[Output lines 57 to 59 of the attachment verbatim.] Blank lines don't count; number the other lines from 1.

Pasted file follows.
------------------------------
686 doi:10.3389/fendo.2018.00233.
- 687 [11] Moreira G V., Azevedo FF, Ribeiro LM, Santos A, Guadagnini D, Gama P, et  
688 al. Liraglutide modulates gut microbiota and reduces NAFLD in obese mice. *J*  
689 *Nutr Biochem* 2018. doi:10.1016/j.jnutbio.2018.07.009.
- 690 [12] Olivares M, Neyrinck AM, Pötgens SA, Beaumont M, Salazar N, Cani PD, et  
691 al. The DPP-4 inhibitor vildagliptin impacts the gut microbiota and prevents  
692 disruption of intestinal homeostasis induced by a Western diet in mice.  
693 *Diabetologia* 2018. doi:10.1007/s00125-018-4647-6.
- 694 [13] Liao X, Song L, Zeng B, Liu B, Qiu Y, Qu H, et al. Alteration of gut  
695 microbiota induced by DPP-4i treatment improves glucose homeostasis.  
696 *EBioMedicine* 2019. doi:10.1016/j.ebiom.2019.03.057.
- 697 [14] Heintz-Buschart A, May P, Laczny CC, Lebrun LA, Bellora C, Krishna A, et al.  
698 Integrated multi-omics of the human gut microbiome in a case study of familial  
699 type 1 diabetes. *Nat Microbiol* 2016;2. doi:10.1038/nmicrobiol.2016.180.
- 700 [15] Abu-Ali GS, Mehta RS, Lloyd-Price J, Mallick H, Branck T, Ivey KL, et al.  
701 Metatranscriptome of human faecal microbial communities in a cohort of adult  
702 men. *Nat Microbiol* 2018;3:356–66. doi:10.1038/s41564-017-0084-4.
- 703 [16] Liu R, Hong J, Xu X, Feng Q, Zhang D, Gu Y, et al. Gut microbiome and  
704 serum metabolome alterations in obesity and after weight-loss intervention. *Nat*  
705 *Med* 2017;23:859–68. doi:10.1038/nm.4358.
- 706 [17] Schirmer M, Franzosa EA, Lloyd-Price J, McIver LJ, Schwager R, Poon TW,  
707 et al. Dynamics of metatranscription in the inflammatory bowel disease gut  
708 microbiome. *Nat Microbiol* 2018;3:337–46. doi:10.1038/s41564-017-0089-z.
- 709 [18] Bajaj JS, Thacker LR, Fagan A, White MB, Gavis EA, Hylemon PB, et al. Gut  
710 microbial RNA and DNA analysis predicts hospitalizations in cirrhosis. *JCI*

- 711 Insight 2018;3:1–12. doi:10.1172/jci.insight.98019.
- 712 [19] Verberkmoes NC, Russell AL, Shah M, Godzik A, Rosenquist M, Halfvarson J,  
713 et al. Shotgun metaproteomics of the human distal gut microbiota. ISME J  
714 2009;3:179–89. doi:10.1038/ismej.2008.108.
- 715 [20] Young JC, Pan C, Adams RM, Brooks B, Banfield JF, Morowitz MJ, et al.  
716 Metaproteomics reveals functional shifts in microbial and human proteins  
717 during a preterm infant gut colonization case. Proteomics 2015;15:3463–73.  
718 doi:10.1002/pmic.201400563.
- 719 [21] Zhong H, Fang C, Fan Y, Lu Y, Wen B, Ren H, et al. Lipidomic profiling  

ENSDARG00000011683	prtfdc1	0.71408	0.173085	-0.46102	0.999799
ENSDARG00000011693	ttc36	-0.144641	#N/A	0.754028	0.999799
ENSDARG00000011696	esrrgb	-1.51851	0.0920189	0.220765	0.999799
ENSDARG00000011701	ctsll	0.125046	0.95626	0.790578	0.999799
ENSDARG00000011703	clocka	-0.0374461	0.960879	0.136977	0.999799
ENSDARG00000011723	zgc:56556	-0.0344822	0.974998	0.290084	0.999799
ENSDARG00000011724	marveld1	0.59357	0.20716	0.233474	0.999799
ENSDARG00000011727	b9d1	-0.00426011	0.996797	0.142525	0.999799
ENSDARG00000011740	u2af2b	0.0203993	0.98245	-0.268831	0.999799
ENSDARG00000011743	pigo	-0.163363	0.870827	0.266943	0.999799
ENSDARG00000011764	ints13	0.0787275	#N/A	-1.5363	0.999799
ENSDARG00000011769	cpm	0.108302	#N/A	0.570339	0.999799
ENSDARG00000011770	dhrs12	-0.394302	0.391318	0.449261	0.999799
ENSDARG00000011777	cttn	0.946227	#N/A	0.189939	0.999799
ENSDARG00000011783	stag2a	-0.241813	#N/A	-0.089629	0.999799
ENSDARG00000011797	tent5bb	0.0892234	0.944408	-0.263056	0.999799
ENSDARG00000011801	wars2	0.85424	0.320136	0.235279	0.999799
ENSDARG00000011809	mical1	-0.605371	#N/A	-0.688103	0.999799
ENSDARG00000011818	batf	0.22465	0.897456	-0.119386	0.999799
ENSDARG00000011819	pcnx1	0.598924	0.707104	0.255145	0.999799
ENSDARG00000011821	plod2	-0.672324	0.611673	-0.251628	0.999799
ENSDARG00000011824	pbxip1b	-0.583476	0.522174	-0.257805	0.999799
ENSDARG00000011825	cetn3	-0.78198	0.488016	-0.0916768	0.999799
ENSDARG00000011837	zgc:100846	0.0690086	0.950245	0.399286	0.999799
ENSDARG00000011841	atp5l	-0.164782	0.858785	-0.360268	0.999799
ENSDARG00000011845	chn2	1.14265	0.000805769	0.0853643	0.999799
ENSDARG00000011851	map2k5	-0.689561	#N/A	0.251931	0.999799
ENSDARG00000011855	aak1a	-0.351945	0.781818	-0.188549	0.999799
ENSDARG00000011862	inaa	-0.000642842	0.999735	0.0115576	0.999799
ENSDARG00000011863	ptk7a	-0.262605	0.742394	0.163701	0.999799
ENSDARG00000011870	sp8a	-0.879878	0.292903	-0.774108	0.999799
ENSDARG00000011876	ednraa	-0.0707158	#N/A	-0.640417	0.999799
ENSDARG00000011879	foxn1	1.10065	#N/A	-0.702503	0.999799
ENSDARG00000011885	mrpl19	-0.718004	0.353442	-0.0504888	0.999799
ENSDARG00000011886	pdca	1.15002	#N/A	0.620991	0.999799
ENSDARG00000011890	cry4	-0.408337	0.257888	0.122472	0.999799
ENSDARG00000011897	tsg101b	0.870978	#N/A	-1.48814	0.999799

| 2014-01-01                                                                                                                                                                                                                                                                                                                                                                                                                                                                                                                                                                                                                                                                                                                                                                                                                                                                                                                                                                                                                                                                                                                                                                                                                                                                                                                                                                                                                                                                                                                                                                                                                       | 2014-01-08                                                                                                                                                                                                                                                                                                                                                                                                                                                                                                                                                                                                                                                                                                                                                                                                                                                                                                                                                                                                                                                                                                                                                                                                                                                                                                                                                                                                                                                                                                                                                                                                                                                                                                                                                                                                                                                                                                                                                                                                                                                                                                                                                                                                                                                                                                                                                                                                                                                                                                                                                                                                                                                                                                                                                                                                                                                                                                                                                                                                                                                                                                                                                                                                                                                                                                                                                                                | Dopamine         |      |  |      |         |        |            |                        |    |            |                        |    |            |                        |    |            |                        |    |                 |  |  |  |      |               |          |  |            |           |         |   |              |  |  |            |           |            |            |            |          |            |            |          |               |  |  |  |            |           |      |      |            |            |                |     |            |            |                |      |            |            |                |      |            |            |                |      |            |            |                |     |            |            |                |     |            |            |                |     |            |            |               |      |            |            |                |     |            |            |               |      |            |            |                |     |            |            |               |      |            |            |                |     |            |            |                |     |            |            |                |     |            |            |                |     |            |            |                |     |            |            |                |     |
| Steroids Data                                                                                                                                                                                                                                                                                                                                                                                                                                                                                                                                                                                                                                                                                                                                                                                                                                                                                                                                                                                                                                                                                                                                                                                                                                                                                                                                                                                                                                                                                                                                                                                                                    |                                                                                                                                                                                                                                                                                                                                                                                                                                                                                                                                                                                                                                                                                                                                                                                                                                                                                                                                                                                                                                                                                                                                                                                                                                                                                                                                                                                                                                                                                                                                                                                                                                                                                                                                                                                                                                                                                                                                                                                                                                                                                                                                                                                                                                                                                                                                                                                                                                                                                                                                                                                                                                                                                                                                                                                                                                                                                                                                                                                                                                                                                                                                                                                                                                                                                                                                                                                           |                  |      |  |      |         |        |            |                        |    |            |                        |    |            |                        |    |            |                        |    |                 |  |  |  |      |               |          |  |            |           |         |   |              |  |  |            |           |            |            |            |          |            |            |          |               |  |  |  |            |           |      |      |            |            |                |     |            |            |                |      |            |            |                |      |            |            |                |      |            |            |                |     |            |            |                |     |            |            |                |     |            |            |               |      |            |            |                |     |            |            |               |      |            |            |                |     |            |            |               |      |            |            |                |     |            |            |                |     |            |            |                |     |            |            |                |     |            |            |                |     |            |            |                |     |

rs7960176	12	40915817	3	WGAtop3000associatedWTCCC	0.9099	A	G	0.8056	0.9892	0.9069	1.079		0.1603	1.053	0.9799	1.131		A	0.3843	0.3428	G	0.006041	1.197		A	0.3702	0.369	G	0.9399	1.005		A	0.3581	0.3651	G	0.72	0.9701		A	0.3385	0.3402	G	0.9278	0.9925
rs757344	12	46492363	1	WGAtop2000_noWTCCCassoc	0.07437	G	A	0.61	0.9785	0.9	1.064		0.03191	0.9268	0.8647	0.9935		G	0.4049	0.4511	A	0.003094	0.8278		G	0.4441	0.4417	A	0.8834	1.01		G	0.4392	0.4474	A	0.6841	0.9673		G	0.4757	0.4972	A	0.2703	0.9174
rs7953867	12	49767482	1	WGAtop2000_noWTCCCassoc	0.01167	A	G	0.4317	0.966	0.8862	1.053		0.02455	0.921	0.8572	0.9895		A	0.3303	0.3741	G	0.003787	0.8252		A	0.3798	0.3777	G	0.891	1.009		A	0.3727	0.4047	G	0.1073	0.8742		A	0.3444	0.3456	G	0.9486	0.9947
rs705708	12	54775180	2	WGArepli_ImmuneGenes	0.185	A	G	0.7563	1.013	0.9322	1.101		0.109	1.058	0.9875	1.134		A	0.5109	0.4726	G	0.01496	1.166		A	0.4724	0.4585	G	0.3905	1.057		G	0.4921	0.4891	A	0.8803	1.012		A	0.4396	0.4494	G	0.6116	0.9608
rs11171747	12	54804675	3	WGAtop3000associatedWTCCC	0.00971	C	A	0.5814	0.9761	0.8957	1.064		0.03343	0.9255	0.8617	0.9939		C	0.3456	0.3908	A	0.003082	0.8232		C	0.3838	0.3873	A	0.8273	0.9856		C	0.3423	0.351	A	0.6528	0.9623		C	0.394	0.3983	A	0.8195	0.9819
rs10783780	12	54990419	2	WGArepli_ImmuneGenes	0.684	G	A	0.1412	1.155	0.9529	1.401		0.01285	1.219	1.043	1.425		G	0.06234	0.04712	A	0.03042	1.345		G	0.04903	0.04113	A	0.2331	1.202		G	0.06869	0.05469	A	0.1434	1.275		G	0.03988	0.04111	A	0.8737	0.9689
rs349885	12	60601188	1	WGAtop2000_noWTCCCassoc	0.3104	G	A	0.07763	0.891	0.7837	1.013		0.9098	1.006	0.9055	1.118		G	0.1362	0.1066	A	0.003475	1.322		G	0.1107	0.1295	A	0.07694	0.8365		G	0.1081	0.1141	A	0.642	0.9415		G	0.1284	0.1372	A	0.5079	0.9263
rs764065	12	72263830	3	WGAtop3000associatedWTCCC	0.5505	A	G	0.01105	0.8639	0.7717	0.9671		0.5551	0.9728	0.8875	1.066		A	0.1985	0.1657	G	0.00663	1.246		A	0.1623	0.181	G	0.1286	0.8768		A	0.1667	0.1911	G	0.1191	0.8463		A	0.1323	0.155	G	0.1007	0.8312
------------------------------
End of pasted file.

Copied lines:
ENSDARG00000011825	cetn3	-0.78198	0.488016	-0.0916768	0.999799
ENSDARG00000011837	zgc:100846	0.0690086	0.950245	0.399286	0.999799
ENSDARG00000011841	atp5l	-0.164782	0.858785	-0.360268	0.999799